LOS ANGELES — Before the third incarnation of RuPaul's Drag Con even began, production company World of Wonder founders Randy Barbato and Fenton Bailey had Donald Trump on the brain. The 45th president's election inspired some specific programming at the Los Angeles drag convention, including one panel explicitly about the art of drag in Trump's America.
But walking around the Los Angeles Convention Center over the weekend, the moments crafted to be explicit referenda on Trump weren't the focus. Instead, it was this community of love and support — a community that will bond together to overcome differences in the face of a much greater enemy. On that front, Drag Con succeeded spectacularly.
It is nothing short of tremendous that Drag Con drew more than 40,000 attendees Saturday and Sunday. From young to old, famous to underground, Drag Race fanatics to lovers of drag in general, the crowd was diverse, energetic and, most of all, fabulous. After spending two days surrounded at all times by giant glamazons in neon hair, it can be disorienting to return anywhere else.
Drag Con is a cocoon of beauty, acceptance and warmth. It's so loving, you can practically hear conservative pundits in the distance crying "snowflakes!" and "safe spaces!" But to reduce this event misunderstands what it is. Drag is the resistance. Drag is the kind of progressive, norm-challenging art we need now more than ever. Drag is the past, present and future.
During his keynote speech, RuPaul addressed Trump in all but name. Other than the explicitly Trump-focused panel (which still got away from Trump quite a bit), it was one of the only times all weekend the president was specifically discussed — and it still wasn't very specific. Rather, Ru focused more on what Trump's supporters saw in him.
"[There are] people who don't want the world to move forward," Ru said. "They took on this used-car salesman who told them they could turn back the hands of time. We ain't going back, baby."
The latter bit of that quote drew enthusiastic applause from the crowd, a group of people who need society to continue to progress. As season eight winner Bob the Drag Queen put it during the Trump panel: while "for the first time in the history of America, an overwhelming part of the population feels the administration is against them," that's nothing new for queer people. For someone like All Stars season two winner Alaska, who noted during the Trump panel that her drag was born of frustration with George W. Bush's administration, Trump's election is not a surprise; it's a rallying cry.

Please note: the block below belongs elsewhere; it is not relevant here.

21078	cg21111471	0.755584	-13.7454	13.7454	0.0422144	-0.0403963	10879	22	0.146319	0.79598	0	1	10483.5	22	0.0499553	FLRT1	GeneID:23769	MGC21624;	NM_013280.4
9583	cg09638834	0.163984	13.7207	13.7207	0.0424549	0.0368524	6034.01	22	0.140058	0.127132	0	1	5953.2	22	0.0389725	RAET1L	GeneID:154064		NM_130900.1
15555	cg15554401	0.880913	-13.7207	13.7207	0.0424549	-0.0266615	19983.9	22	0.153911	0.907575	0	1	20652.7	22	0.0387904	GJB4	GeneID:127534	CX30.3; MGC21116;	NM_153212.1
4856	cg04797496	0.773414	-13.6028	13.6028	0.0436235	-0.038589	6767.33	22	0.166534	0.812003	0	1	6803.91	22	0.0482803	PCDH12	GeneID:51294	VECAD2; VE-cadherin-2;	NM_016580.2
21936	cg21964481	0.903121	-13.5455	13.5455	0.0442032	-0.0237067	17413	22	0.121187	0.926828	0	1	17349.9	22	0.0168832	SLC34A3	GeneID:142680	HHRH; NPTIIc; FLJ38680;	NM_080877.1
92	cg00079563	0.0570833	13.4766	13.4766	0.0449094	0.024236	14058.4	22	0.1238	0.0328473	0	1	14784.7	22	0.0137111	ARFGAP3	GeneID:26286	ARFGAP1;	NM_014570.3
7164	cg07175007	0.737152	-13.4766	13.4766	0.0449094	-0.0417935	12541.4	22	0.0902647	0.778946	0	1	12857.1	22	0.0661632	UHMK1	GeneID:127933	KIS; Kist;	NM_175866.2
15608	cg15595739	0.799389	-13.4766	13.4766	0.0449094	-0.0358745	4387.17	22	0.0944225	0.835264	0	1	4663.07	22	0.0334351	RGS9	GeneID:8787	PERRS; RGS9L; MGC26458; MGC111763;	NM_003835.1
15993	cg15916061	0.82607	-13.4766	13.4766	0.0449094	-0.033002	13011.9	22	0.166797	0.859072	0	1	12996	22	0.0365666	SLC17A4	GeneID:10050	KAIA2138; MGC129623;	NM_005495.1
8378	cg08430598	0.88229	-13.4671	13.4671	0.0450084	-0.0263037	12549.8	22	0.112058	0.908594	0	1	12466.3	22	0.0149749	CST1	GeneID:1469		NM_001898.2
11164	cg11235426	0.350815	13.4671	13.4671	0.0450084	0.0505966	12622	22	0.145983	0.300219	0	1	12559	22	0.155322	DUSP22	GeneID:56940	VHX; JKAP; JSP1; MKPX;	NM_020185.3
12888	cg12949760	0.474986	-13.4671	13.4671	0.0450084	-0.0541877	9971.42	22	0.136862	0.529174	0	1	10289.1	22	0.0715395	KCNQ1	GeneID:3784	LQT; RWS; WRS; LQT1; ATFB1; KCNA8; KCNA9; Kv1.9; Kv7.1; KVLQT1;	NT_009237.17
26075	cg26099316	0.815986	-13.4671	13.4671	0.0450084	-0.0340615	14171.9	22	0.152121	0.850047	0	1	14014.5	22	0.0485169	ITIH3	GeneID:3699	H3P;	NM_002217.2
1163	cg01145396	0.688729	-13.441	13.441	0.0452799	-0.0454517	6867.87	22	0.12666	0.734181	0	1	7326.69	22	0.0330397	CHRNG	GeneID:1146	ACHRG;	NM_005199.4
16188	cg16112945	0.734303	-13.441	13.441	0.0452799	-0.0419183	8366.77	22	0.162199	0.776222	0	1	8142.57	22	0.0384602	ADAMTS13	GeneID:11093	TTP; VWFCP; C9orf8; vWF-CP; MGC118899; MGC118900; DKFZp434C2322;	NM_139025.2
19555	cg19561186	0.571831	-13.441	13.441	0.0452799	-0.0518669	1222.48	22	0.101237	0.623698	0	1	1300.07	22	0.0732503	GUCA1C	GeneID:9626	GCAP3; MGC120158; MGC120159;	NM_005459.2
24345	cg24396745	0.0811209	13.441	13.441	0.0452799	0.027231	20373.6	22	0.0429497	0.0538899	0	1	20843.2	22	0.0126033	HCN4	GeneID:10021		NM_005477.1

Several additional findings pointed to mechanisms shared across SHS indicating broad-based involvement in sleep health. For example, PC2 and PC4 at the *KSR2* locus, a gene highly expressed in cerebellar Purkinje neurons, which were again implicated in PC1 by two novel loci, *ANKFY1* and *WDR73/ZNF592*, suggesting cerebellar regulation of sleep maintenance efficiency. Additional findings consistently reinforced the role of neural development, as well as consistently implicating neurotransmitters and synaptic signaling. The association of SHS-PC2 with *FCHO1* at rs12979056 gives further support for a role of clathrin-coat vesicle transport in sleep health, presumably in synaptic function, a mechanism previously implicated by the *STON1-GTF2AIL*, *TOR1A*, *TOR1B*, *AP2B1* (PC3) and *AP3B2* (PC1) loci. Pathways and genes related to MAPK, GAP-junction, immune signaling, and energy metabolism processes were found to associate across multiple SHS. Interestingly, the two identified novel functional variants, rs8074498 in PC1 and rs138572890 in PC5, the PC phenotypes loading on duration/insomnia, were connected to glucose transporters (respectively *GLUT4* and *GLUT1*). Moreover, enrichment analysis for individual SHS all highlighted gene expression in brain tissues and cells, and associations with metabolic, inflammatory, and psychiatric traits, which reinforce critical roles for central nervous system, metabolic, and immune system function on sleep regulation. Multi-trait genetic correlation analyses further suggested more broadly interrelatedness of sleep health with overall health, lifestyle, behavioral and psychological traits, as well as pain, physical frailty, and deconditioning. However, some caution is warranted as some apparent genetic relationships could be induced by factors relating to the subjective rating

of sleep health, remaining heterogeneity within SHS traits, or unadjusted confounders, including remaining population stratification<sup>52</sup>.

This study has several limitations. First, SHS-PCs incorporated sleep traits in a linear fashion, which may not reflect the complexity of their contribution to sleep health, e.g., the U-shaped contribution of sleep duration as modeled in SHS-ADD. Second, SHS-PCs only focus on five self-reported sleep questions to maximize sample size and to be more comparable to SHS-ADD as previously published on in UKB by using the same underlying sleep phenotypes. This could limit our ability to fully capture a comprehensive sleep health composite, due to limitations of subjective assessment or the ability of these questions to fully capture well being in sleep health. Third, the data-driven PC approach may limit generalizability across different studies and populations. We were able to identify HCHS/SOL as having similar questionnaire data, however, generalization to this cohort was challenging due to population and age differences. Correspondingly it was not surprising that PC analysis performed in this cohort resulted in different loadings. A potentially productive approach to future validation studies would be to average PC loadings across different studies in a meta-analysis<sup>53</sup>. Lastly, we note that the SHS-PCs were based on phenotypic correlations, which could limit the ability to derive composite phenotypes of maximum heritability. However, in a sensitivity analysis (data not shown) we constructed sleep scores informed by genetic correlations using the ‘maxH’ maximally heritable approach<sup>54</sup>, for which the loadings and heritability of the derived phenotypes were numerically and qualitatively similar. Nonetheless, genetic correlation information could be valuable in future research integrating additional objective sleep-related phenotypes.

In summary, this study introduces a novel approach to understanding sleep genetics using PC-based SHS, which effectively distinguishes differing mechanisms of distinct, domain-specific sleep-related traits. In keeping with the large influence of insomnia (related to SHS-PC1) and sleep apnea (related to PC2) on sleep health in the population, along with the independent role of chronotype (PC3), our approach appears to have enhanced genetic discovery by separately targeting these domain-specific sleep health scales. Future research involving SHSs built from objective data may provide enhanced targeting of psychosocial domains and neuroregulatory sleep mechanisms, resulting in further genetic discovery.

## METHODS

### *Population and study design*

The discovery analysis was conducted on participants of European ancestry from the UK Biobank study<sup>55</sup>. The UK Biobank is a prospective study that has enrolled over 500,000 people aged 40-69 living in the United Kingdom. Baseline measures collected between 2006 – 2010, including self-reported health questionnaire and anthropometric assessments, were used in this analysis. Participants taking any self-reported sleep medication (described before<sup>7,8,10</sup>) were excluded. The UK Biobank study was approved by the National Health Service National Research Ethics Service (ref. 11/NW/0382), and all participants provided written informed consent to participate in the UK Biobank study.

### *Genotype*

The mere existence of Drag Con is rebellious. For someone like Eureka, a big and beautiful queen from season nine, to steal the show, or for trans queens like season two's Sonique and season six's Gia Gunn to talk openly about their identity — that's all revolutionary. When you're queer, trans, gay, bi, lesbian, fluid or nonconforming, your very existence is an act of rebellion.
At the beginning of her keynote, RuPaul announced that Drag Con would be expanding, hosting a second one in New York City come Sept. 30 and Oct. 1. During a time when events like these could easily feel threatened and downscale, hundreds of queens and tens of thousands of fans aren't backing down. Instead, they're going on the offensive, becoming louder and larger. Is Drag Con still a business? Absolutely, and it's smart to keep that in mind. As Pepsi showed us all too clearly, resistance can never truly live within a venture trying to make money. But right now, Drag Con is a business pointed in the right direction, offering young, silenced queer voices a megaphone.
Standing on the main floor of the Los Angeles Convention Center's west hall, it was hard to feel anything short of inspired. The resistance lives with the queer people, trans people and allies collected there. If anyone can be trusted to lead the rebellion, it's giant drag queens who have had to fight all their lives to be themselves.
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